The world leader in natural gas vehicles: tiny Armenia
By Hasmik Mkrtchian
YEREVAN — Ex-Soviet state Armenia is blazing a trail in the global quest to move to cleaner fuels — not by choice but out of necessity.
The tiny country of 3 million people in the Caucasus mountains has a strong claim to be a world leader in running vehicles on natural gas: a fuel that produces fewer harmful greenhouse gases than gasoline or diesel.
The transport ministry estimates that between 20 and 30 percent of vehicles in Armenia run on gas. That compares to just over 3 percent in the Netherlands, a front-runner in natural gas-powered transport, according to the World LP Gas Association.
Stop one of the creaking, Russian-made taxis plying their trade in Armenia’s capital, Yerevan, and odds are it will have a gas canister strapped into the boot. Battered buses have rows of red canisters fastened onto their roof-racks.
In countries like the Netherlands, switching from gasoline to gas is seen as a green option.
In landlocked Armenia, it is not concerns over climate change or global warming that are driving growth in natural gas-powered vehicles. Instead, it is harsh necessity — and an unresolved war with Azerbaijan, its neighbor to the east.
“In our taxi firm, we have 30 cars and all of them run on (natural) gas,” said 45-year-old Seryozha Harutunian, driver of a natural gas-powered Volga sedan. “And there are (natural) gas refueling stations on every corner in Yerevan,” he said.
Richer countries offer tax incentives to make natural gas for use in vehicles — known as autogas — more attractive to motorists than traditional fuels. But they have had only limited success.
“They are niche markets,” said Yvon Sellier, director of business practices with the World LP Gas Association, a Geneva-based lobby group. “(Natural gas is a) small proportion of the fuel consumed by vehicles.”
NECESSITY MOTHER OF INVENTION
Crude oil and oil products used to be brought into Armenia by rail direct from Azerbaijan’s oil fields and refineries. Since a territorial conflict between the two neighbors in the early 1990s, the border has been closed.
Now, oil and oil products — Armenian officials do not say where they come from — have to be shipped in through Armenia’s other neighbor Georgia, a long and tortuous journey through the Caucasus mountains.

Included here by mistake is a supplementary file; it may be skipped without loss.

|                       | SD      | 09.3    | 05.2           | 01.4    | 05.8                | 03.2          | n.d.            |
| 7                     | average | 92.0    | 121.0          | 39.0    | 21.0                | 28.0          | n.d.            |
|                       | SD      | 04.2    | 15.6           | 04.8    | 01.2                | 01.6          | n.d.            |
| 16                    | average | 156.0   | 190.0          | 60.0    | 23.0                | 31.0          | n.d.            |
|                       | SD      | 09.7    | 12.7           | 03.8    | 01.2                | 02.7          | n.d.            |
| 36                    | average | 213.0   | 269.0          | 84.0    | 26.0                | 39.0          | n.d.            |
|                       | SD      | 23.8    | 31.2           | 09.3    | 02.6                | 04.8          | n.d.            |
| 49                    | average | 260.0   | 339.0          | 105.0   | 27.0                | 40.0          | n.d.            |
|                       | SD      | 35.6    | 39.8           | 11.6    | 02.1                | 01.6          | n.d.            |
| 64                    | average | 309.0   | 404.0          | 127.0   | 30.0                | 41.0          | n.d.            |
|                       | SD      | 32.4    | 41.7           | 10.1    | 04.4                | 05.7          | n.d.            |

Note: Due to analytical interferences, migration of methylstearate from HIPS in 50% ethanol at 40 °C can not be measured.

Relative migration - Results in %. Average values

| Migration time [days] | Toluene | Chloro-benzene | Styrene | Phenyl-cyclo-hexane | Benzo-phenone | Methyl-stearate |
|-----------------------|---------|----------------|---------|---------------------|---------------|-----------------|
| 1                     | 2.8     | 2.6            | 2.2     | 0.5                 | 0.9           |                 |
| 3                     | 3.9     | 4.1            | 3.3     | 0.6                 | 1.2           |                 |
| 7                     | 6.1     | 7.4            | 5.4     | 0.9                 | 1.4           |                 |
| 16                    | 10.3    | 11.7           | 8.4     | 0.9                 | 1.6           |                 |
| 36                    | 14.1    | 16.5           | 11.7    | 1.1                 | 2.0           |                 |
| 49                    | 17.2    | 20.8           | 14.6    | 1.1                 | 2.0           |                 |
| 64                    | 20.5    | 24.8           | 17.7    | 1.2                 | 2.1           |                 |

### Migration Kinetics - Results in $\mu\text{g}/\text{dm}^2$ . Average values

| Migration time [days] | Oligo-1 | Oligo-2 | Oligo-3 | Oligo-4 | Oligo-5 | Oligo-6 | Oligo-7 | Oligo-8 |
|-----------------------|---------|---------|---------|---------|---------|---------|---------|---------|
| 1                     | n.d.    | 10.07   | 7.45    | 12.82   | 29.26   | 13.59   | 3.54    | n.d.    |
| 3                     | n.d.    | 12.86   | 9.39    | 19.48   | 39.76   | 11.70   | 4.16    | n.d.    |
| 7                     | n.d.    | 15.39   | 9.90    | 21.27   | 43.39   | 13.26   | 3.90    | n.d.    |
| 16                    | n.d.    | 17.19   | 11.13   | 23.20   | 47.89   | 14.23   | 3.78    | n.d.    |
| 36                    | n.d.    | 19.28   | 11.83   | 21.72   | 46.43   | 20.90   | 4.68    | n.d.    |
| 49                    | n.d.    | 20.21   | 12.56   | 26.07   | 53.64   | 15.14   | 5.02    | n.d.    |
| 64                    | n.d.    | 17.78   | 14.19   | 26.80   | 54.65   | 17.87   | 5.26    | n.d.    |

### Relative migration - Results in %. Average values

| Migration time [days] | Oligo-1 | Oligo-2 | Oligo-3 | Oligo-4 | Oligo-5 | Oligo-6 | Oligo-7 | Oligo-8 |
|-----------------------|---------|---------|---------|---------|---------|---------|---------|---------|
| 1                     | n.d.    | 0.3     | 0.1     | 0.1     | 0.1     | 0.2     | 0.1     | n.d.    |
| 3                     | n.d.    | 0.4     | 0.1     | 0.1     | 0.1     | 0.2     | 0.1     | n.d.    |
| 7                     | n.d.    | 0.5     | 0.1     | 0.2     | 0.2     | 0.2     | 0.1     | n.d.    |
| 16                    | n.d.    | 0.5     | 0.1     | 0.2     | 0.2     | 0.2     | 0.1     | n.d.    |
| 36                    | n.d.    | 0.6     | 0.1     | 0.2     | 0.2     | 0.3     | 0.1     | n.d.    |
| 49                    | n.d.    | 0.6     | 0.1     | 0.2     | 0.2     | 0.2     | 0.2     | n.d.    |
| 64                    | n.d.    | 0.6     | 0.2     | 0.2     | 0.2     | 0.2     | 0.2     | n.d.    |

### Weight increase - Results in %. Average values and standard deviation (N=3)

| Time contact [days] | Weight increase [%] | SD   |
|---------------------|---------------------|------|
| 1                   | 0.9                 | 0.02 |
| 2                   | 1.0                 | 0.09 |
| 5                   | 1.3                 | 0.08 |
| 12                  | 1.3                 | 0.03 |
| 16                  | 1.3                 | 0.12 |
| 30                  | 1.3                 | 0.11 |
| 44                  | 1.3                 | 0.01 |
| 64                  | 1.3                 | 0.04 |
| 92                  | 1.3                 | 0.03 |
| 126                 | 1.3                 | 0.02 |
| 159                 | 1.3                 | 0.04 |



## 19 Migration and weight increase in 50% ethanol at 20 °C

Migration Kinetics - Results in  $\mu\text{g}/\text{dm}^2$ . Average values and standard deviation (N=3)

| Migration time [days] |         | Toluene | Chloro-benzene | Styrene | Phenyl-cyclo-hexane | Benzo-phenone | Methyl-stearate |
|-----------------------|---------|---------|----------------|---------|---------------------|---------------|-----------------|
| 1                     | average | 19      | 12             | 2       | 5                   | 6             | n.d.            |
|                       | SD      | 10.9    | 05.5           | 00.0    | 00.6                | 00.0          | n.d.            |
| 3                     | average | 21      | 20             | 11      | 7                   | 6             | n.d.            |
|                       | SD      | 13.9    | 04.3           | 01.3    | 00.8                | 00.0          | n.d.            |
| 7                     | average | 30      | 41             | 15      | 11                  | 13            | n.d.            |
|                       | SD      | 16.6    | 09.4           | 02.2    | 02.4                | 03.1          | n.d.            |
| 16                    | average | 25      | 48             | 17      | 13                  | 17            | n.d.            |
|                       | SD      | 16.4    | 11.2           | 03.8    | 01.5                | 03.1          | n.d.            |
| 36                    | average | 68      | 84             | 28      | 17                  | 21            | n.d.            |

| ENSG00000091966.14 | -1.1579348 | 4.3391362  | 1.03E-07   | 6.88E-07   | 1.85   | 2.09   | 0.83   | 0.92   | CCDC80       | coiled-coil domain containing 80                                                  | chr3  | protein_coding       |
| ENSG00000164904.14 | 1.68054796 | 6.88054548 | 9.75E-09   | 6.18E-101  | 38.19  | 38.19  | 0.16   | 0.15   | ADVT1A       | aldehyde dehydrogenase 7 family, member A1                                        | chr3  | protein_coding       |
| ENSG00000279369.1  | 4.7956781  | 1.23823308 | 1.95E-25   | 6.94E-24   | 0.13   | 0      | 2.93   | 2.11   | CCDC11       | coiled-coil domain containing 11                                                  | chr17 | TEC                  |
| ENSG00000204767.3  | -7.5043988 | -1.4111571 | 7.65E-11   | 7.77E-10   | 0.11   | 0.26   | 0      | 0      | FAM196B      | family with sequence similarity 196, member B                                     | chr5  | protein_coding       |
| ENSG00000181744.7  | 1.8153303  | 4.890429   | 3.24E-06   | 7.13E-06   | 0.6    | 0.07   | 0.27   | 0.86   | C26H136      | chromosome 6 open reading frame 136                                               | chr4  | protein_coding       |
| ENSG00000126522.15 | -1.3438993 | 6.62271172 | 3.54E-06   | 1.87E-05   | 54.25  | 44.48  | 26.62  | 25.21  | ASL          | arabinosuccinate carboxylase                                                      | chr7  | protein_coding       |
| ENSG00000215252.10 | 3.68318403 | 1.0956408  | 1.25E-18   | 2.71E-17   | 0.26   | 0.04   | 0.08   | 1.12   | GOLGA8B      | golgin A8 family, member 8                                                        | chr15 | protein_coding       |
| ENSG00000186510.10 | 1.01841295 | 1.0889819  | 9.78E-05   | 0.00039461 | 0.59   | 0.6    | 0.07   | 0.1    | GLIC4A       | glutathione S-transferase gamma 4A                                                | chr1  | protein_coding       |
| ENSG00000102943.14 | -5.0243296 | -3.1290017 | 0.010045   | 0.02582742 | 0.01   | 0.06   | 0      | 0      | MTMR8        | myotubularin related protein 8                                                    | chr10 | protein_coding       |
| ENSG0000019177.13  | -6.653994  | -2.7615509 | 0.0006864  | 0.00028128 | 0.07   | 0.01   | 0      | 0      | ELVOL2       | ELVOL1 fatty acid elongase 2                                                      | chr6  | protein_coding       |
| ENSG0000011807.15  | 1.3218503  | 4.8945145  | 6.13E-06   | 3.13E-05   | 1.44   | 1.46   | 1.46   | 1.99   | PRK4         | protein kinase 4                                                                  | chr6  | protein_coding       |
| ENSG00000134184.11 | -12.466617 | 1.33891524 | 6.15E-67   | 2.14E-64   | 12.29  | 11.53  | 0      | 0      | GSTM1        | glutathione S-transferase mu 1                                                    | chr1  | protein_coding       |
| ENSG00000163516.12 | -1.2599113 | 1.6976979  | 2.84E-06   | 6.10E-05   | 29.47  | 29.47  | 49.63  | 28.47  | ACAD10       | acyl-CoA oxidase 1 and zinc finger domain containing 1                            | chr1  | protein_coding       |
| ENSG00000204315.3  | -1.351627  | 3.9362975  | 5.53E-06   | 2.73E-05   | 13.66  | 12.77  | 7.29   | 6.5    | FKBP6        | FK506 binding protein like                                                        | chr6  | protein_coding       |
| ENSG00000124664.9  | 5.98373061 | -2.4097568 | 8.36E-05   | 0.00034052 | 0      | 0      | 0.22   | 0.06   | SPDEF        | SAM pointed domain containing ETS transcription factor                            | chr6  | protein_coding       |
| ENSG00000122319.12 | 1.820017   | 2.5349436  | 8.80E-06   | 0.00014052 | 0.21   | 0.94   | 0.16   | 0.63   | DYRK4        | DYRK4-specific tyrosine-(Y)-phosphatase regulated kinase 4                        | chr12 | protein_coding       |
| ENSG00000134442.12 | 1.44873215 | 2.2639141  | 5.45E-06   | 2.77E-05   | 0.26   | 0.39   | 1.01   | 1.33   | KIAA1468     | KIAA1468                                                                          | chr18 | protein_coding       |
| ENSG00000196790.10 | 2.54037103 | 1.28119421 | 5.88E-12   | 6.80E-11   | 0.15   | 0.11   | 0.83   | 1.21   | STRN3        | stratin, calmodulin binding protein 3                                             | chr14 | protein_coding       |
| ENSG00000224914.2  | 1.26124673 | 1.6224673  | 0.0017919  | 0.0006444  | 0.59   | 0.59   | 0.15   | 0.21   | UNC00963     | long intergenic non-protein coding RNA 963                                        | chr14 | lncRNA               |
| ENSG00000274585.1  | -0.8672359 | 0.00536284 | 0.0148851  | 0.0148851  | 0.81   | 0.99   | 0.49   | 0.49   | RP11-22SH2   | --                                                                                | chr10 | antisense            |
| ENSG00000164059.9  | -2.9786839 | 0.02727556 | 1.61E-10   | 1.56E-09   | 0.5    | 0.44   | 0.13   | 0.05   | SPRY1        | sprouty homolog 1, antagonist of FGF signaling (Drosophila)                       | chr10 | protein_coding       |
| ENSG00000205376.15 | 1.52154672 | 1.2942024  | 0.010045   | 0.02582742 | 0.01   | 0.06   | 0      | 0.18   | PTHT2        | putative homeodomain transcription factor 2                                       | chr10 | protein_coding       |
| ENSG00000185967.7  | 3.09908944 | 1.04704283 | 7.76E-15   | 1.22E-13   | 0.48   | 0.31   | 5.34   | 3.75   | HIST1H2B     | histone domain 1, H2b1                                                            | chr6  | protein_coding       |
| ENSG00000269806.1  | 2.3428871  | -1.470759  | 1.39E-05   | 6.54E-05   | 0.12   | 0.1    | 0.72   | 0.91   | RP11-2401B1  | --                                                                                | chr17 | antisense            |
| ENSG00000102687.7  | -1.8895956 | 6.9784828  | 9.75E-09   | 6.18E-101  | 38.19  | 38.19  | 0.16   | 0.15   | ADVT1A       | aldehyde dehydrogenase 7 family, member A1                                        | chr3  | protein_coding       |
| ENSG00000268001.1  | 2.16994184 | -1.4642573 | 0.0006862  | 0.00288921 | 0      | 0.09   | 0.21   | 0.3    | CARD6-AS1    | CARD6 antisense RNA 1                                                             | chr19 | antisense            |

That creates an extra cost on top of the already high price for fuel on world markets.
In Georgia, a liter of the cheapest grade gasoline costs consumers 82 U.S. cents. In Armenia, the same fuel costs 91 cents — a significant difference in a country where the average monthly wage is about $140.
Natural gas, meanwhile, is pumped to Armenia by pipeline from Russia.
Russian natural gas monopoly Gazprom supplies the fuel at $110 per thousand cubic meters, a hefty discount on the price Gazprom customers in Europe pay. Armenia is one of several ex-Soviet states that enjoy favorable rates for Russian natural gas.
“Petrol is getting more expensive,” said Transport and Communications Minister Andranik Manukian. “(Natural) gas … has not gone up by that much so it is preferable to use it.”
Armenia has a tradition of resourcefulness in the face of adversity.
In the 1990s, its Metzamor nuclear power station was shut down, leaving large parts of the country with no electricity. To keep warm, people welded together wood-burning stoves and rigged up flues in their high-rise apartments.
Armenia’s remoteness and the border closure with Azerbaijan make it expensive to export many of its goods. So its growth industries are electronics and diamond-cutting, which produce small, high-value items that can be profitably exported by air.
Most of the world’s natural gas-powered vehicles run on Liquefied Petroleum Gas (LPG), a by-product of crude oil and natural gas refining. Armenia uses the natural gas it has readily available.
The state natural gas importer sells the fuel to wholesalers, who pressurize it and distribute it to the natural gas filling stations that have sprung up across the country.
“A lot of vehicles are switching to (natural) gas,” said Grisha Davtian, manager of a Yerevan natural gas station. “The number of our clients is up 30 percent compared to last year.”
Taxi driver Harutunian said it cost between $800 and $1,000 to convert a vehicle from gasoline to natural gas. After that outlay, running the car is three times cheaper.
“I don’t know who introduced this idea into Armenia, but it has really helped us escape the high petrol prices,” he said.